I echo Bob's thoughts about
Ralph's commitment to patient advocacy and support groups. And, like Bob, I listen to everything he offers.
One of the statistics that Ralph has echoed time and again is that in the PSA testing era we have seen as high as a 40% decrease in PCSM. This number is a real number but how much reduction can be attributed to screening versus how much has been attributed to improved treatment protocol is an
open debate but I am certain that that reduction can be attributed to both.
Can we ask the AUA and ASTRO to put restraints on their current setting of treating as much as 90% of patients that they care for. It would go a long way of reducing overtreatment but it would have no effect on overdiagnosis. In addition, as davidg's surgeon has
openly declared, he will ignore all guidelines and diagnose and treat as many men as possible. This represents precisely where the USPSTF has positioned themselves in that they do not think that is a realistic goal to solve ODOT.
I don't crunch numbers as well as Ralph, but I will use his 40% reasoning for my next point. If we did not have any form of screening today how many lives would we be losing to PCSM?
Well Ralph's data says 50,000 is about
in the ballpark. (A 40% reduction with all credit given to screening would lower that 50k to 30k which is where we actually are today).
So by diagnosing 250,000 men every year, or doubling that number by extensive screening, we are saving at most 20,000 per year to go with that 30,000 we didn't save. The rest according to the guidelines will largely fall into the overdiagnosed or overtreated category. Now I know that in 1992, there were 43,000 fatalities to PCa. And according to SEER data there were 78,000+ diagnosis in 1992. The numbers may vary, but they won't drastically. So it look like a great reduction rate but in reality we are treating a whole lot more men that won't be saved.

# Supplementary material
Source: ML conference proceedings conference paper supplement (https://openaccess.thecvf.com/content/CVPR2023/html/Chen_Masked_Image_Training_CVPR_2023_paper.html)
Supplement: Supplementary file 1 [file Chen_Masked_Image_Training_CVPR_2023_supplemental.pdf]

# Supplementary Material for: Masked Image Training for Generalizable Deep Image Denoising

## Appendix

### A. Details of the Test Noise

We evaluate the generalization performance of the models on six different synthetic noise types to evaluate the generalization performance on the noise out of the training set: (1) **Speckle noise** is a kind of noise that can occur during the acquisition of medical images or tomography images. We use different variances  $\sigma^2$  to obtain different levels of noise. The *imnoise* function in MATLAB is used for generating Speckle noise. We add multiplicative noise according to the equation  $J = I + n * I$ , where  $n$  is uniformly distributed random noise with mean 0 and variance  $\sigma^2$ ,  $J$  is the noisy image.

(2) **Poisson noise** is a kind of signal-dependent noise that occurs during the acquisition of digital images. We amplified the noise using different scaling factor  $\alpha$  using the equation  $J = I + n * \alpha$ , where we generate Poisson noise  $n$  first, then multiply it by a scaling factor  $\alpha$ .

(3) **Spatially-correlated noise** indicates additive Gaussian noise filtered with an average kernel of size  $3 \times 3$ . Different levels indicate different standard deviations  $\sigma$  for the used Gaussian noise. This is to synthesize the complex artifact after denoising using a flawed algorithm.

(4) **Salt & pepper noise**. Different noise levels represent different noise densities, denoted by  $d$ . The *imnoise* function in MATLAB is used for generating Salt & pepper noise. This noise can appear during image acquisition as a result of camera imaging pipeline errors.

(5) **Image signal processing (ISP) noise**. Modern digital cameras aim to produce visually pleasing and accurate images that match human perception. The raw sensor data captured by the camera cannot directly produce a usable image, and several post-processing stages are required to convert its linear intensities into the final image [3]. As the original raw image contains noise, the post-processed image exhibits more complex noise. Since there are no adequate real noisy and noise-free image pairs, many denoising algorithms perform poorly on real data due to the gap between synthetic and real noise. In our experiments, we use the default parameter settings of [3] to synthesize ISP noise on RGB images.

But now to be finally clear. I am for screening men for PCa. I am for reducing the screening but that we must not be locked into any specific guidelines and the AUA takes these things into consideration when you read the document. They say quite clearly that some patients are not comfortable with the guidelines as written and that each patient should be treated on a case by case basis. And that document also says that. If a man wants to be screened at 35, he won't have any issue getting a screening anywhere in the US.
The reason I threw out those ridiculous things in my post was to point out that the USPSTF was ridiculous in suggesting that we end all screening. But somewhere between that position and the screen every man as early and young and frequently as possible position is where we need to place a balance of best practice. And no matter where in between those two points we place that marker it will be a highly criticizable and completely arguable point.
If we can't convince the AUA and the ASTRO members to exercise more restraint, and we do not try to get a happy agreeable median of guidelines
in place that Uncle Sam and the insurance companies can buy into, then we run a real and serious danger of having the USPSTF guidelines becoming the norm.
And all the bickering about
when and whom to test will be moot.
Post Edited (TC-LasVegas) : 5/23/2013 6:56:36 PM (GMT-6)